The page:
This final rule results in a uniform policy that applies to all tigers and will help Service law enforcement agents enforce the ESA.
Would all private owners have to apply for a permit before breeding their tigers?
Private owners would still be able to breed generic tigers without a permit for sale or commercial purposes within their state or for non-commercial movement across state lines, provided that you meet the criteria of the Captive Wildlife Safety Act.
I own a male and female tiger and would like to breed them so that I can give a cub to my daughter. Would I need to apply for a permit under this new regulation?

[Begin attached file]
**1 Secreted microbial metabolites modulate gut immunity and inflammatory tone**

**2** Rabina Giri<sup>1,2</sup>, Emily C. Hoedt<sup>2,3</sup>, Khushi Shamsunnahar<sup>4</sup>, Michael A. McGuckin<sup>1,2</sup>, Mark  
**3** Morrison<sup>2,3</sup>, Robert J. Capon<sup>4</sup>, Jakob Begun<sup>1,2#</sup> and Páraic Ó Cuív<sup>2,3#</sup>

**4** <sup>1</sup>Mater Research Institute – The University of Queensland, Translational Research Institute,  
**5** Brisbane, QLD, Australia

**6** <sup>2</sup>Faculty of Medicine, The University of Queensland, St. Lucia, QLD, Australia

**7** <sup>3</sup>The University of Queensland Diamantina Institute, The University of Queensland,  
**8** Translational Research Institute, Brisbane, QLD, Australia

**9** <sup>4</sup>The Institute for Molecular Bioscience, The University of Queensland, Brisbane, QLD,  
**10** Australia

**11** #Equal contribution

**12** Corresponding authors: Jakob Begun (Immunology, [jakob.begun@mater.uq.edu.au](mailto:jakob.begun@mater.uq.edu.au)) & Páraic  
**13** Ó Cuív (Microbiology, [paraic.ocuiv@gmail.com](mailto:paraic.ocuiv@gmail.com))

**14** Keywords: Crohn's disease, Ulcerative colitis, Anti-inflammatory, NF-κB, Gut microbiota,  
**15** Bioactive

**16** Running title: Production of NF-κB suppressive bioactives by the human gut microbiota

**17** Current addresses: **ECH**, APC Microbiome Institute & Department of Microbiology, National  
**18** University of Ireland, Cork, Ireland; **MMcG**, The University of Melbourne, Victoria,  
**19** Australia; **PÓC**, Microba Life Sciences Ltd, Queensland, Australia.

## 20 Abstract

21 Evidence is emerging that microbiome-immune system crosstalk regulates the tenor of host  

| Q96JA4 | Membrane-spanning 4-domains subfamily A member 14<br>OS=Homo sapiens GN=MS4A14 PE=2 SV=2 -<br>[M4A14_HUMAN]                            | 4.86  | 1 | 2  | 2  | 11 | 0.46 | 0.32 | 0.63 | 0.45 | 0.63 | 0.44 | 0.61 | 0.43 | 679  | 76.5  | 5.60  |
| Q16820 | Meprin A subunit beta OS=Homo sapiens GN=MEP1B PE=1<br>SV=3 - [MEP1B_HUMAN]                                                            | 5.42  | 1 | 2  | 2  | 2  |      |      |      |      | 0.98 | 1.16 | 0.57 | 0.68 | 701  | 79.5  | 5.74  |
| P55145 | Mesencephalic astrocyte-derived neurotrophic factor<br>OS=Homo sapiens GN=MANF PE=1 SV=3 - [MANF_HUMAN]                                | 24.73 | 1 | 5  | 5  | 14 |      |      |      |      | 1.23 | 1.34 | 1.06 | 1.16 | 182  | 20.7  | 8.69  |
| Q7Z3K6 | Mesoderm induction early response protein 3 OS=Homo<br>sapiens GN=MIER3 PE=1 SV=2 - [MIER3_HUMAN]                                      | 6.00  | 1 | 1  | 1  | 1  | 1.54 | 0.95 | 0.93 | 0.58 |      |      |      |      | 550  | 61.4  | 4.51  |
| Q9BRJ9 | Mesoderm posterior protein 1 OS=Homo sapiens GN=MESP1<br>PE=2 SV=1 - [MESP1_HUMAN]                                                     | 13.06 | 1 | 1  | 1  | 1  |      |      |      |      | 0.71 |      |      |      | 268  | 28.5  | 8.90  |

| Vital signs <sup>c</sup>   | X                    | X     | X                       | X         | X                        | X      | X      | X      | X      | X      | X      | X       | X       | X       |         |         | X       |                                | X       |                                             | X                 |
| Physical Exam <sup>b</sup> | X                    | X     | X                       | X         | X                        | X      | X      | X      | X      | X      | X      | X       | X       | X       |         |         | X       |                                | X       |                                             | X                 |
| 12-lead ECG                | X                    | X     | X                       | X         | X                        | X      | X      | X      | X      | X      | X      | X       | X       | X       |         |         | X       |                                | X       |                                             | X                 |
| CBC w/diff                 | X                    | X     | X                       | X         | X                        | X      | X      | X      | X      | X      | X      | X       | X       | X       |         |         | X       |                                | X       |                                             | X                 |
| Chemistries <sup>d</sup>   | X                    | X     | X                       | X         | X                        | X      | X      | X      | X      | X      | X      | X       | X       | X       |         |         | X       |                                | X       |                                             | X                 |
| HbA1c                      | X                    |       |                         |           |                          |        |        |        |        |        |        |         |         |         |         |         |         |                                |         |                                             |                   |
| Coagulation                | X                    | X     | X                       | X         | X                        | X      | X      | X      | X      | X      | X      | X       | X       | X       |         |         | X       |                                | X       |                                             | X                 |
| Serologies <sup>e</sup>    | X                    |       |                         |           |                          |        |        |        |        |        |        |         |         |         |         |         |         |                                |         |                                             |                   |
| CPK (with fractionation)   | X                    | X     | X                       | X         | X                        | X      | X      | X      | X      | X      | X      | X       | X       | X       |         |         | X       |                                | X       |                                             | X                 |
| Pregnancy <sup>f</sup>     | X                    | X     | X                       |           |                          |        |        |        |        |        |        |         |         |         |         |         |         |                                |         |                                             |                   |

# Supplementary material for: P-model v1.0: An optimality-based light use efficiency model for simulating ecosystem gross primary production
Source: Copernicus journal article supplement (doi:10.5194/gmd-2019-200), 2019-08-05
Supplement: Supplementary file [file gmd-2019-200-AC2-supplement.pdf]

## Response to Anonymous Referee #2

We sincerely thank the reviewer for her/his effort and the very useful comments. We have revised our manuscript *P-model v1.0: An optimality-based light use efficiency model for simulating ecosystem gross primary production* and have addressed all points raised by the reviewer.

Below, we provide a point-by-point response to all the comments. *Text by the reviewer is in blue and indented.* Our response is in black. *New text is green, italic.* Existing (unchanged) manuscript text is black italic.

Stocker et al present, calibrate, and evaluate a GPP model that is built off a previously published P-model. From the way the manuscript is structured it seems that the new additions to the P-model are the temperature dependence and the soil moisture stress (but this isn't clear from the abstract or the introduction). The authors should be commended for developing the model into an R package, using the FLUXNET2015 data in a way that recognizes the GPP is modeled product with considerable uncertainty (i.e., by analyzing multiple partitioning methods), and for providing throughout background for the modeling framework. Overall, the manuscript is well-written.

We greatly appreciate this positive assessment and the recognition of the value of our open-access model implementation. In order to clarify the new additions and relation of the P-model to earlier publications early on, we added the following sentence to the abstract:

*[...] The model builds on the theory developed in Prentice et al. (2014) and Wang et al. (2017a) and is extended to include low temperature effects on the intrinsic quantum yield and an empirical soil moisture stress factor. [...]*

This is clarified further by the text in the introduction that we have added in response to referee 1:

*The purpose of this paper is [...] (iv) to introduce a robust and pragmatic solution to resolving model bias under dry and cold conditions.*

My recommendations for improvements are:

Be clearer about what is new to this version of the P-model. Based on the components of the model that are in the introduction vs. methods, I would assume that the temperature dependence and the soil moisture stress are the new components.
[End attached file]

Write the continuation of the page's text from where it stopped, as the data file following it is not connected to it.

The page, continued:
If you plan to give the cub away as opposed to selling it, you would not need to apply for a permit, regardless of the recipient’s state, provided that you meet the criteria of the Captive Wildlife Safety Act if the cub is going across state lines. If you have additional cubs in the litter, you could sell them within your state to someone else who resides in the same state or donate them to sanctuaries or others, either inside or outside of your state. Again, you would need to meet the criteria of the Captive Wildlife Safety Act if moving tigers across state lines.
I’m a private owner of tigers and I often display them at fairs and festivals in other states. Would the new regulation prohibit me from doing this?
The new regulation would still allow generic tigers to cross state lines for exhibition purposes, as long as the tigers are not to be sold or offered for sale.
How can I meet the standard to get a permit or register under the CBW regulations to sell a generic tiger across state lines if the Service is saying that generic tigers have no any conservation value?